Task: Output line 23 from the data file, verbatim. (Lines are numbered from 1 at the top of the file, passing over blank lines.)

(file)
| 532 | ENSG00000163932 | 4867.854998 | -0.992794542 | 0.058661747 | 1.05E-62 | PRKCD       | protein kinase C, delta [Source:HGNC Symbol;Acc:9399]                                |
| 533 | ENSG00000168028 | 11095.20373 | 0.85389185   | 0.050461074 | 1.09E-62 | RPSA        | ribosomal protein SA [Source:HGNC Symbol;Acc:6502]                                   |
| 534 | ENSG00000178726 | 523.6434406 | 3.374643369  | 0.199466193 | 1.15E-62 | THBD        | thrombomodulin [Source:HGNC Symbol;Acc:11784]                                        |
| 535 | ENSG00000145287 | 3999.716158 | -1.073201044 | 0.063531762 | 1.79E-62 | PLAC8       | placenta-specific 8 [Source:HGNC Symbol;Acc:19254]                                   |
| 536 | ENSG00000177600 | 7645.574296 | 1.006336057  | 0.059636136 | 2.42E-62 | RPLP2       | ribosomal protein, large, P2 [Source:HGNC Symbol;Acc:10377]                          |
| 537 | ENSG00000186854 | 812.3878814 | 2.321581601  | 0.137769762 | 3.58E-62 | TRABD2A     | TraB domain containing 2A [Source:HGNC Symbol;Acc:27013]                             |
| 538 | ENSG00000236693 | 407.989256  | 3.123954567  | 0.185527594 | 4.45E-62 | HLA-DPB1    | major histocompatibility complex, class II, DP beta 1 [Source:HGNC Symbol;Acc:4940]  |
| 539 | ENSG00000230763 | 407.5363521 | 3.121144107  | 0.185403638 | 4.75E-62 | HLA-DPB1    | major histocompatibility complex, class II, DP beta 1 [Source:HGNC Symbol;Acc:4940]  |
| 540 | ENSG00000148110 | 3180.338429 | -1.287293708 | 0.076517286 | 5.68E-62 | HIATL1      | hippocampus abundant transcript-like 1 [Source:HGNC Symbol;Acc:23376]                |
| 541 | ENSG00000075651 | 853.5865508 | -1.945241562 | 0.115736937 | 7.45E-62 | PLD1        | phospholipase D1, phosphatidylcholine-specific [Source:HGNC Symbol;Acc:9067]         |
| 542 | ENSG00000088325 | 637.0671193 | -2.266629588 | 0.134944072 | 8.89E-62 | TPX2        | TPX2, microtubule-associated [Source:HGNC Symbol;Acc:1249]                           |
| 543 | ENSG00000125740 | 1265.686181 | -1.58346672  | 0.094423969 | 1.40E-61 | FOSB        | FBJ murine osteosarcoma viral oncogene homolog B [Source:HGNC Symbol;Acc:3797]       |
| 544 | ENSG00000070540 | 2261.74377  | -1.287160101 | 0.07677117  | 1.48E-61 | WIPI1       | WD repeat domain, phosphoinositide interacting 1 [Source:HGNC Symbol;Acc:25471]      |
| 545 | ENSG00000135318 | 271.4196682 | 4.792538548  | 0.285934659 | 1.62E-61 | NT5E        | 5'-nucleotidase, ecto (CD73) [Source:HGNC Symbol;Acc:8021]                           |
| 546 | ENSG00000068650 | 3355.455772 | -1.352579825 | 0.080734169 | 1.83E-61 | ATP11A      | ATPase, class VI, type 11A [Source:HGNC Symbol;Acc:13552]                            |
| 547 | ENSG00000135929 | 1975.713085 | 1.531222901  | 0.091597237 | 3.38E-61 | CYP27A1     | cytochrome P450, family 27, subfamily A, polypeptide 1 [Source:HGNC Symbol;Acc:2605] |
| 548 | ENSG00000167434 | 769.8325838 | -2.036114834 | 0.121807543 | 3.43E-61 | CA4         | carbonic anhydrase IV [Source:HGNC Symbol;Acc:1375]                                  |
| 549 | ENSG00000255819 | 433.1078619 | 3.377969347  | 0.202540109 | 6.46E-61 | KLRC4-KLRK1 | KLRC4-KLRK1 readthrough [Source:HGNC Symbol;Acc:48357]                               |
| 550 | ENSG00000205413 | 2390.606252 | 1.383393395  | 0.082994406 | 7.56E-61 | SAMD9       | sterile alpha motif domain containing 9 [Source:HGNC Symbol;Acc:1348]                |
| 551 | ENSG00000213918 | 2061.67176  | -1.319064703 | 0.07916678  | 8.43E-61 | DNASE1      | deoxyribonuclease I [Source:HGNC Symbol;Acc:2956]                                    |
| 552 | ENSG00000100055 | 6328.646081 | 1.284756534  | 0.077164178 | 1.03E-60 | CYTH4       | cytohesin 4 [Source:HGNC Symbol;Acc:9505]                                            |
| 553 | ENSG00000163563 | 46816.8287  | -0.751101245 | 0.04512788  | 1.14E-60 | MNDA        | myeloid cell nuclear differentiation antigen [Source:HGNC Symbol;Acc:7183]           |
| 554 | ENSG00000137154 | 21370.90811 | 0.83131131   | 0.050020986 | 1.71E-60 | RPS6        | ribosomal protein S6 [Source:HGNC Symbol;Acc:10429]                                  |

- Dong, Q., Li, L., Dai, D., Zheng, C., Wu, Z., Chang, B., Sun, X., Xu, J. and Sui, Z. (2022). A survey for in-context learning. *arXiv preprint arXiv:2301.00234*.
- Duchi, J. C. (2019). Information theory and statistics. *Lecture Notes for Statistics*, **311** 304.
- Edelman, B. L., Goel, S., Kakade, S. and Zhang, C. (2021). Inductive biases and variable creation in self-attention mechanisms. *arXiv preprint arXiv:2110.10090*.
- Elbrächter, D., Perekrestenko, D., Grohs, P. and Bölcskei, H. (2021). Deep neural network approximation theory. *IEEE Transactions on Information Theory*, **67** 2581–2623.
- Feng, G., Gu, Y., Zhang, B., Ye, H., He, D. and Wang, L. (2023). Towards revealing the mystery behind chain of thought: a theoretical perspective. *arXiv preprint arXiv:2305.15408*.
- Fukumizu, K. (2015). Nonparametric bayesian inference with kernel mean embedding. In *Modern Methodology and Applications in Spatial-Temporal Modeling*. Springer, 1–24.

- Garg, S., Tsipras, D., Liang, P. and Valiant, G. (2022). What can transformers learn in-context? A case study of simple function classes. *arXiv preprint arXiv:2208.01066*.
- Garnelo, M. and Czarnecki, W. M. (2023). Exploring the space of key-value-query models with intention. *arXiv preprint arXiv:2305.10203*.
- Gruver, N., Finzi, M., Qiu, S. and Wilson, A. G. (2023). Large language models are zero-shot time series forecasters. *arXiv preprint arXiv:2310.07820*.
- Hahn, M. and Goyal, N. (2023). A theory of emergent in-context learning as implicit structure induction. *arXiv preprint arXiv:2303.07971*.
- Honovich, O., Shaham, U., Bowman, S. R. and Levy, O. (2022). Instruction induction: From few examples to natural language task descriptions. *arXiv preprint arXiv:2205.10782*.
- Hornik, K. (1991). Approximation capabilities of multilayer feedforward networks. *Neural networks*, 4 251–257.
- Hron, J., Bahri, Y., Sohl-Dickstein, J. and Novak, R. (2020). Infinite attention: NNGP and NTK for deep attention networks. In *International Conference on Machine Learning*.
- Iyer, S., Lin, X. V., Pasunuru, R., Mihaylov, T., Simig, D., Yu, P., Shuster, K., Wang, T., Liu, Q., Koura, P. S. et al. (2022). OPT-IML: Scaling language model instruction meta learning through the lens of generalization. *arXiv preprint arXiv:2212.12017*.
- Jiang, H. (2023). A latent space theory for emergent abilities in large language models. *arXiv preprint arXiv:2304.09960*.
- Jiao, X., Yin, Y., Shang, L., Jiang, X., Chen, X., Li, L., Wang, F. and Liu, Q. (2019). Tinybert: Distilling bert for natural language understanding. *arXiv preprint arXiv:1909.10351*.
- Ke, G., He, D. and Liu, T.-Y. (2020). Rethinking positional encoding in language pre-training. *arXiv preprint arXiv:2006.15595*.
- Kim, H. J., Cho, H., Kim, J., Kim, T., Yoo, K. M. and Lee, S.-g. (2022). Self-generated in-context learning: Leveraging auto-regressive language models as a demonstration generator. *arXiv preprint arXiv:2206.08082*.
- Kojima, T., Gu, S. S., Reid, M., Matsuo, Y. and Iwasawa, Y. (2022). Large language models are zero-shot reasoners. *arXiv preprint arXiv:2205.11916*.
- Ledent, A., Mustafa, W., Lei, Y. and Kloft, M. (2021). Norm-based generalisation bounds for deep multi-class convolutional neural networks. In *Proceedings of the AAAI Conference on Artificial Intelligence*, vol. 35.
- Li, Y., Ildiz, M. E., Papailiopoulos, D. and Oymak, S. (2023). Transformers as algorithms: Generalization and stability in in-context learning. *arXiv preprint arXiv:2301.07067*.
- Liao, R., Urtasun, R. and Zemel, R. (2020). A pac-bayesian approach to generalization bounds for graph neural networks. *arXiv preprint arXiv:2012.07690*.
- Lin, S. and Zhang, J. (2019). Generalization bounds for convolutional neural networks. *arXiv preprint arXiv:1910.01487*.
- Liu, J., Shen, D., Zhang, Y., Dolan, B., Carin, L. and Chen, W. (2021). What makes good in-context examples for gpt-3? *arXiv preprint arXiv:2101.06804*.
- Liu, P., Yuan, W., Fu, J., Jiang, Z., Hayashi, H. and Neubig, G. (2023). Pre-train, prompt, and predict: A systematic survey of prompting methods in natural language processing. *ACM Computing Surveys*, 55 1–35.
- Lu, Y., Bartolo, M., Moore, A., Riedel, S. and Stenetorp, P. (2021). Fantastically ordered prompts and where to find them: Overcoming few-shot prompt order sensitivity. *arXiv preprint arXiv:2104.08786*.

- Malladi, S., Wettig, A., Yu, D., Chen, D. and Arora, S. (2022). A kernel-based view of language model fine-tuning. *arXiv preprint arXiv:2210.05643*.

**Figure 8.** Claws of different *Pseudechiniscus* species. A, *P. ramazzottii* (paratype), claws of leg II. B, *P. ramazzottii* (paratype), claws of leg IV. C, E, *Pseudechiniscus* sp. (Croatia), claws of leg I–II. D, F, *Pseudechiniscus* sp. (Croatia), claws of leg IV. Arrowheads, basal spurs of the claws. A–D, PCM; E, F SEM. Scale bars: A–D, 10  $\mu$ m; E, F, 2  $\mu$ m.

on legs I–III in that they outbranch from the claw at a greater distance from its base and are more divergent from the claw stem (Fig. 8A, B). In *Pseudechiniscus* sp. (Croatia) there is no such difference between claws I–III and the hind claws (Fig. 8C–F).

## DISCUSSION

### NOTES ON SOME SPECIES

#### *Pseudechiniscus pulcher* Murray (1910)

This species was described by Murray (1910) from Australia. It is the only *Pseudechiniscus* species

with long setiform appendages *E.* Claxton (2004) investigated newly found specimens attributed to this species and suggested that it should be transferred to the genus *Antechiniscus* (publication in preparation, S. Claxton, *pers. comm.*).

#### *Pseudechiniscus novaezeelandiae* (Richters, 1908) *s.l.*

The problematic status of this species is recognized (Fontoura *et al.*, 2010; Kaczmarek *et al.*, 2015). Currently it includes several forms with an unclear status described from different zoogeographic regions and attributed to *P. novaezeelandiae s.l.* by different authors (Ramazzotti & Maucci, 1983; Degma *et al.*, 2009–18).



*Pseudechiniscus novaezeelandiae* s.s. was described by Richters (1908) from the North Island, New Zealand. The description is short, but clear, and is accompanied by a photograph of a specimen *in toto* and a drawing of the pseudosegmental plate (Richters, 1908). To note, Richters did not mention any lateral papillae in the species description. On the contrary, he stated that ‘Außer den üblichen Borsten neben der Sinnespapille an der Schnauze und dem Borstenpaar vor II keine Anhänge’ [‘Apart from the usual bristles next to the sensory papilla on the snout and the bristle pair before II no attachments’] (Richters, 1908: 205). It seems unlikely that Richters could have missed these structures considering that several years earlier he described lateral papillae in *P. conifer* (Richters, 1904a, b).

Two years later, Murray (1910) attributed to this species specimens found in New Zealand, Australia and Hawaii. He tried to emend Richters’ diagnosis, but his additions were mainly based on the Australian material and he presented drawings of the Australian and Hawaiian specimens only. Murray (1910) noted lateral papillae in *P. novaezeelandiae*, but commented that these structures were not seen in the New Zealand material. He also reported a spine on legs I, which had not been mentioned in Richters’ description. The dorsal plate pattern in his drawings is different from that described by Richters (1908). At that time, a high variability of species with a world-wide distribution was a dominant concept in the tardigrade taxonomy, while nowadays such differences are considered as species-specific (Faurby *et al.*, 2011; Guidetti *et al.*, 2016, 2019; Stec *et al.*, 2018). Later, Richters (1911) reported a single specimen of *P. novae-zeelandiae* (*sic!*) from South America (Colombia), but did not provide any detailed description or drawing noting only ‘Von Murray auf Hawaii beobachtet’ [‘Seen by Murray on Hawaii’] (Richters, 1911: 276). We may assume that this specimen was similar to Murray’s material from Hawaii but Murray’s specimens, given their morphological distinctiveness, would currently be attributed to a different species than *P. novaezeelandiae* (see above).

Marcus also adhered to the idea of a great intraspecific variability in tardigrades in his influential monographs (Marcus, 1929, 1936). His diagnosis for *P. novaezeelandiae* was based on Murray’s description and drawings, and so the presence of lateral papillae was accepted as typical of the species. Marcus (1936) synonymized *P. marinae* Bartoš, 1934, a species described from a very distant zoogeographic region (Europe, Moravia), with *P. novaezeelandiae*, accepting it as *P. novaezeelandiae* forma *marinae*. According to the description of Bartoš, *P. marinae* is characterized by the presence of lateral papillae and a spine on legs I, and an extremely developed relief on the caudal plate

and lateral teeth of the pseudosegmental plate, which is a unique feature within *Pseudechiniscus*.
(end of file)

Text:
| 554 | ENSG00000137154 | 21370.90811 | 0.83131131   | 0.050020986 | 1.71E-60 | RPS6        | ribosomal protein S6 [Source:HGNC Symbol;Acc:10429]                                  |